An Interview with Verna Wilkins

Award-winning author Verna Wilkins has teamed up with children in rural Uganda to share their story with the world. Illustrated by Sarah Kirk, her new picture book A Very Busy Day is now available to 500 people via a £10 donation and it is already helping Ugandan children learn to read. Yet the book is also bringing about change at home by challenging the lack of diversity in British literature.

We caught up with Verna Wilkins to find out more about her work. 

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When talking about your entrance into publishing, you often say that you “had no choice” in the matter. What happened back in 1987 to make you become a publisher?

Publishing was not on my ‘to do’ list. The awareness that I had to do something came when my older son, a rising five, came out of school with his ‘This Is Me’ school Project and he had painted himself creamy, peachy white. He said he knew he was not that colour, but when I offered to change it to a lovely shade of brown, he was adamant that it had to be that colour because it was for a book! My son, after only a few weeks at school, had already learned that he and children like him did not qualify for entry into the world of books aimed at children.

When I began an active search for books with black characters for the early years, they were very few. Among the few I found, the black characters were not the main protagonists, but secondary characters who were mainly stereotypical and negatively portrayed. I learned that the established publishers’ perception of the book buying public was the white middle class parent. I had no choice then but to become a publisher and take the books to market myself.

How important do you think books are in young people’s lives today? 

I believe that books are very important in young people’s lives today. I focus on picture books for young children where there continues to be a strong and vibrant market. I would like to catch them in the years when the personality is taking shape and attitudes are formed. Children read pictures long before they read words. A picture book uses illustrations to draw the child into the world of words and into reading. If a child is included in that world, he/she achieves a sense of self, a sense of personal value. If a child is excluded, the consequences can be damaging and can affect their life chances. Every child matters. No child should have to qualify for entry into a market aimed exclusively at children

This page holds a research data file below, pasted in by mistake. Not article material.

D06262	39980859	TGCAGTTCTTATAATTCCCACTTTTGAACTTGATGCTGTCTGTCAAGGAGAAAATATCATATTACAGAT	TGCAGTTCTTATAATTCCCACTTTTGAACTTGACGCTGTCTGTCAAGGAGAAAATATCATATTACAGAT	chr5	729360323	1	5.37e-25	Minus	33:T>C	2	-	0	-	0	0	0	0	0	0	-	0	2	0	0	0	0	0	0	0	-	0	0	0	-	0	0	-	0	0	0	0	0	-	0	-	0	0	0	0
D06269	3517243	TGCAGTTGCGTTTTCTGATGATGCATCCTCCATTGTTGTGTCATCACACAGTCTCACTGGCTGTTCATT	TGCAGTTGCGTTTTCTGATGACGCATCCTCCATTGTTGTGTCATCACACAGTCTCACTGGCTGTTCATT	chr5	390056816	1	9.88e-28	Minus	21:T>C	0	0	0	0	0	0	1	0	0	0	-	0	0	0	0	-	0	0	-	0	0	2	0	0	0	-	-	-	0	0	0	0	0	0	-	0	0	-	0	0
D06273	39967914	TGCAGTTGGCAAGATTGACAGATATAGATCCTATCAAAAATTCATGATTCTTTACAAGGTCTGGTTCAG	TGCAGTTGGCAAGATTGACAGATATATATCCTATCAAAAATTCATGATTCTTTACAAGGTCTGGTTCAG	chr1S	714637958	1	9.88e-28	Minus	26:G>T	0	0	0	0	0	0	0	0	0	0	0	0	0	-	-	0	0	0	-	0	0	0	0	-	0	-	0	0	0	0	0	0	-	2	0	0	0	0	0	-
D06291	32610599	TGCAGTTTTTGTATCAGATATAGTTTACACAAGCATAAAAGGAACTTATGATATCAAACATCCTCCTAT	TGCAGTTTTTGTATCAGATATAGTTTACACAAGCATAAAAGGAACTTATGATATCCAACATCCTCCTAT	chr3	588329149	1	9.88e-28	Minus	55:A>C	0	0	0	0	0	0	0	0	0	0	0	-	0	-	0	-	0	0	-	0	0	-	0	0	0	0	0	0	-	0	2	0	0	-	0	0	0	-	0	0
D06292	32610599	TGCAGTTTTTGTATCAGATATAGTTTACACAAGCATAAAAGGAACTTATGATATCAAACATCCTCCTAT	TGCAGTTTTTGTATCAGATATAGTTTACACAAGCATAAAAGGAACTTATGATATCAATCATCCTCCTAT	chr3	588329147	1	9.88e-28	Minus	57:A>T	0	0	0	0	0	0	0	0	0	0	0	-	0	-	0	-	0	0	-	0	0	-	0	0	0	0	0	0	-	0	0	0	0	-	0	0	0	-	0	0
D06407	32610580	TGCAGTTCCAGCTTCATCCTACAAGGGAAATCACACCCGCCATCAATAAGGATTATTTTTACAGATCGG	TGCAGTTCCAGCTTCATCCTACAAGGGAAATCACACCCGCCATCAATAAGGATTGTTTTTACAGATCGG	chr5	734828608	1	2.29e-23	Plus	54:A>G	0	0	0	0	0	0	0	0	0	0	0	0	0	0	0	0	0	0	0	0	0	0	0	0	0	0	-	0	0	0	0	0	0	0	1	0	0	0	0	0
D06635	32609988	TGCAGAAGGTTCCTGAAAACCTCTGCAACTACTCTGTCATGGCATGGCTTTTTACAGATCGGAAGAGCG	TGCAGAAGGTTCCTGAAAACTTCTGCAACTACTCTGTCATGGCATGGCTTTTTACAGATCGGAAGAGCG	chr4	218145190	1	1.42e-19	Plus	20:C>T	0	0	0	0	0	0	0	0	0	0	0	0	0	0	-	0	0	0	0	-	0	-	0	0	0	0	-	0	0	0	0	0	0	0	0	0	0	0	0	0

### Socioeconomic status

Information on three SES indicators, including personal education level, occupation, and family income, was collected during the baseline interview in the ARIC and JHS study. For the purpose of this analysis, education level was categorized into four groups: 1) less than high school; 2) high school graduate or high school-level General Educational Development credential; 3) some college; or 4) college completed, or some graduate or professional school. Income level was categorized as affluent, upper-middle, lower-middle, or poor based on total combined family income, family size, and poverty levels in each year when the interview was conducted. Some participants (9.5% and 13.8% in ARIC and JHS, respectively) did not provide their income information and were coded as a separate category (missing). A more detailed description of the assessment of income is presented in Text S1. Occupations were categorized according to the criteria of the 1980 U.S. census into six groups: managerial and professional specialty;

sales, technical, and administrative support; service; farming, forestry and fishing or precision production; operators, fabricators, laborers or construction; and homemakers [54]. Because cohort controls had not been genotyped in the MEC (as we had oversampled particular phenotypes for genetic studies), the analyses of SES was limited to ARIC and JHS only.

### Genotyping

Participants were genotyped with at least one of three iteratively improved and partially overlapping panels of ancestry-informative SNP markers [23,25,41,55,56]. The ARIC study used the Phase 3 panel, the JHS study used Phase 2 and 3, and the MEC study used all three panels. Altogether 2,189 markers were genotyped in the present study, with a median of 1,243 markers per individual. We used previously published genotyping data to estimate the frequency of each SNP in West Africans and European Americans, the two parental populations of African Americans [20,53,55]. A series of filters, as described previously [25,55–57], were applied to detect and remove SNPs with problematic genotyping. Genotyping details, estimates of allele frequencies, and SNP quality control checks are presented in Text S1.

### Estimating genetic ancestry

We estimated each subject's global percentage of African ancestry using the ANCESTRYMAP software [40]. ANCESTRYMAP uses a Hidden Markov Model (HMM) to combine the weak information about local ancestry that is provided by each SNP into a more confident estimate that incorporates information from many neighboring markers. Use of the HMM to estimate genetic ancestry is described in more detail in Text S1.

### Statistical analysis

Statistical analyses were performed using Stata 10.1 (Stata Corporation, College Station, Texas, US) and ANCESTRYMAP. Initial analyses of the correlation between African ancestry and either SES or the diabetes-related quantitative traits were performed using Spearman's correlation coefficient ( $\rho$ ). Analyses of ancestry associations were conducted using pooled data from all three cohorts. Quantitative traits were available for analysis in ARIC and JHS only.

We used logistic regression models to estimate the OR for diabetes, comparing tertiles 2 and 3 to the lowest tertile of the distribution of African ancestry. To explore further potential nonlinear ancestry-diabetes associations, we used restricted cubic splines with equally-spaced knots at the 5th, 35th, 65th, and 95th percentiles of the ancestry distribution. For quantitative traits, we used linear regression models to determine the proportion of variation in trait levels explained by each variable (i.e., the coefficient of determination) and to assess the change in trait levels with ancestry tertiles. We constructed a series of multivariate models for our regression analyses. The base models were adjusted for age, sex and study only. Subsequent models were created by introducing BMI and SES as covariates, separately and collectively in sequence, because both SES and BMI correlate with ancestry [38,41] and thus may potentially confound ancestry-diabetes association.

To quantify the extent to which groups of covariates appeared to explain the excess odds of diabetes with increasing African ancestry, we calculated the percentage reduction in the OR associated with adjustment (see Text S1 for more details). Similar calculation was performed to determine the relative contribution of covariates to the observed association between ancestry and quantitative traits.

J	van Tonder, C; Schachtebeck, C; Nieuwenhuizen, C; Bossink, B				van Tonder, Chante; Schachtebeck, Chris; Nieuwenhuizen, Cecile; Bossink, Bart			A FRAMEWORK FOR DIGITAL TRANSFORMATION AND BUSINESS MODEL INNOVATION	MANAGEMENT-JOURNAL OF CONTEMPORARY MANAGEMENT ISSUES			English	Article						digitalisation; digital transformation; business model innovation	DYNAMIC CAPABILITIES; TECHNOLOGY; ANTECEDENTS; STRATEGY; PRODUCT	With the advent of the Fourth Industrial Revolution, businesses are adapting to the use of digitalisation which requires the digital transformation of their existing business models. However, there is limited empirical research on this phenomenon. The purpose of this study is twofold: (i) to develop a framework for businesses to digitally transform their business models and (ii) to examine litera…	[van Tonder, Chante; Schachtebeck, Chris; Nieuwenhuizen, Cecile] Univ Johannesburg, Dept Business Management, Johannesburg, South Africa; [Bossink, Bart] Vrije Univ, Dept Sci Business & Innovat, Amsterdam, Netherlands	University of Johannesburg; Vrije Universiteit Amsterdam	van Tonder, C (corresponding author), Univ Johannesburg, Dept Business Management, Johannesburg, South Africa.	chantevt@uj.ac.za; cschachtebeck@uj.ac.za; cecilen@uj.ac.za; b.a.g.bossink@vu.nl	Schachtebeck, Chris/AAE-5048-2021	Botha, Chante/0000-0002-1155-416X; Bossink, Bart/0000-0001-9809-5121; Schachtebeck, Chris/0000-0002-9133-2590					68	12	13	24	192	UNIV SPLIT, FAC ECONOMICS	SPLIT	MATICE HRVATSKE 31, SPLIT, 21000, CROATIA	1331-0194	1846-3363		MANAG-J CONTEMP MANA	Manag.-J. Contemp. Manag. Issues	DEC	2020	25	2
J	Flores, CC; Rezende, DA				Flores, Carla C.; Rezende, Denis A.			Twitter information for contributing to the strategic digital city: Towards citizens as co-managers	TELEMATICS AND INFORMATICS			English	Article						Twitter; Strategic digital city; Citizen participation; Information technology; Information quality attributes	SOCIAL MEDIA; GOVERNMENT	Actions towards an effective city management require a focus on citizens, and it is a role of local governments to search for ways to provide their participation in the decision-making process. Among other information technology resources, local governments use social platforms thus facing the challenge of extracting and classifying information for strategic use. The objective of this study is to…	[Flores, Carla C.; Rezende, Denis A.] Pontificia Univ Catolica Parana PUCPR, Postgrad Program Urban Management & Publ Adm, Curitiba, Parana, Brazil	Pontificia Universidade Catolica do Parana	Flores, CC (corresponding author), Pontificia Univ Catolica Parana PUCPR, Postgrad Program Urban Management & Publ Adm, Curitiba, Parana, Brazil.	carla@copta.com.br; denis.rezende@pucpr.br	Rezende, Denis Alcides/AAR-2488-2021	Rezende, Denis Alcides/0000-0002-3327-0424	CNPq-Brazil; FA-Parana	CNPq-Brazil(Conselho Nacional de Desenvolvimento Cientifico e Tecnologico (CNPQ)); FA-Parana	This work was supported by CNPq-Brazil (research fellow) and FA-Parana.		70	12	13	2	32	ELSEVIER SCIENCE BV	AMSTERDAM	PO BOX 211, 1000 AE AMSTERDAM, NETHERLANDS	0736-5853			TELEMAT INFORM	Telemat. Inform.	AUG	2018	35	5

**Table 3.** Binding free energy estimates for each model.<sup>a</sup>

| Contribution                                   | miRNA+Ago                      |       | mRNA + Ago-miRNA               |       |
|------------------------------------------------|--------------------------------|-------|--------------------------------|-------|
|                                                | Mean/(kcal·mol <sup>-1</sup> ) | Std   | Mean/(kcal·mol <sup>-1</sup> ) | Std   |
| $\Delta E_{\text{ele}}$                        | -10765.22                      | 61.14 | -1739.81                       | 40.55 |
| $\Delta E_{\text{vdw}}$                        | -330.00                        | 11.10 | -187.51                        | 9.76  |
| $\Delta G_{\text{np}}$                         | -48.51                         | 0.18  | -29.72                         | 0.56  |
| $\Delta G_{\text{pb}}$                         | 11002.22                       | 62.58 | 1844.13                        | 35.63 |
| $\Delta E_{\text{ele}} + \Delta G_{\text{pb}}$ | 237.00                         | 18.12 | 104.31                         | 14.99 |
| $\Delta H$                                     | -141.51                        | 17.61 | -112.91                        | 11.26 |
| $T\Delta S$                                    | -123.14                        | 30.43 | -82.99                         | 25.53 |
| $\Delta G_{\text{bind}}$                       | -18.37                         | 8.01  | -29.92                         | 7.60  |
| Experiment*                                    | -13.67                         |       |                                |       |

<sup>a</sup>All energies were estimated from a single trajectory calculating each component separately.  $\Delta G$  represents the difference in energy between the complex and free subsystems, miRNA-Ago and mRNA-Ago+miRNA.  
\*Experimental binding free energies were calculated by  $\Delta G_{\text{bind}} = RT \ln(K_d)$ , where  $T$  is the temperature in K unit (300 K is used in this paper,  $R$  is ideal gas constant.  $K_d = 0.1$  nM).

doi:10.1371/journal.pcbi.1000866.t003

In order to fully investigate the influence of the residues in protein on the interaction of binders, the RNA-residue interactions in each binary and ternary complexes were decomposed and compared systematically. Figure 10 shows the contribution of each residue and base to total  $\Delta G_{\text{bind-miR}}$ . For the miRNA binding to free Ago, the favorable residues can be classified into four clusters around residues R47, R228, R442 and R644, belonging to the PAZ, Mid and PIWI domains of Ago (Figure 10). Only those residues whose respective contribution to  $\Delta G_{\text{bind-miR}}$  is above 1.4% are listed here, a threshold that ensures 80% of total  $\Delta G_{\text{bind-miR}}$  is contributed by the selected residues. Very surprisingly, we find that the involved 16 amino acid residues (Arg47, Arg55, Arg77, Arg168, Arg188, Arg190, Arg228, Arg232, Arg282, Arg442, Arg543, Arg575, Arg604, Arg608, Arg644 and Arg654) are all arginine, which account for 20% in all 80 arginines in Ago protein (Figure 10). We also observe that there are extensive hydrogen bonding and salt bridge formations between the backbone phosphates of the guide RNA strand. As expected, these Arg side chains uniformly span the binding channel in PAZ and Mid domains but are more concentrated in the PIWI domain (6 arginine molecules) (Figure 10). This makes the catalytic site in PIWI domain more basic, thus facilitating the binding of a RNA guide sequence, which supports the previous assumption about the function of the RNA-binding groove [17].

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You’ve referred to your own experience of learning to read as taking place in a “social vacuum.” Can you explain what you mean by this and what impact this can have on a child?

Growing up in the colonized Caribbean island of Grenada all those years ago, all my reading books, for school and leisure, were imported and based on a precise area of English life and culture. The flora and fauna depicted in those books were of Northern and European regions – not tropical. Not hibiscus and bougainvillea but hosts of golden daffodils. I read about snow and children sitting around open fires. Outside my classroom it was 90 degrees in the shade and not much cooler inside! However, I was privileged to have an astute father who was a head teacher. He told us stories relevant to our lives. Stories from Africa and the Caribbean – stories that included people like us. He worked hard to give his children and his pupils self-worth. He used the imported European stories to broaden our horizons outside our small tropical island.

In 2011, you visited Uganda with RedEarth Education. Can you tell us a bit about your time there and what inspired you to write A Very Busy Day?

Visiting Uganda with RedEarth Education was a great experience for me. The teachers were warm and welcoming. The children were polite and so keen to learn. Being there and experiencing the work that was being done, inspired me to write A Busy Day. I wanted those children to see themselves portrayed in a colourful picture book. A story that they would share with the world. I sent my first draft of the story back to Uganda so that the children could be the editors. I was aware that I knew very little about their culture, so handed over the story. My first draft included a dog which ran across the road and caused an old man to swerve quickly and lose control of his over laden bicycle. The children promptly responded that the story was fine but they did not have a problem with dogs in their village. They removed the dog and suggested that I use a herd of goats instead. They also changed the names I had given to the main protagonists. Excellent editing!

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What would you say to people who claim that white, British readers might have problems relating to books with foreign settings and black characters?

We live in a shrinking, interdependent world. Reading outside our small cultural fields, broadens horizons. It creates intercultural dialogue and encourages social cohesion.

It’s 2026 and you’re in the children’s section of a bookshop. What do you hope to see that is different from what you see today?

In the children’s section of a 2026 bookshop, I would love to find a range of books which give a high positive profile to children who have been traditionally excluded. These books should be embedded in a display which depicts diversity in all its forms.

Get you own copy of A Very Bust Day here.

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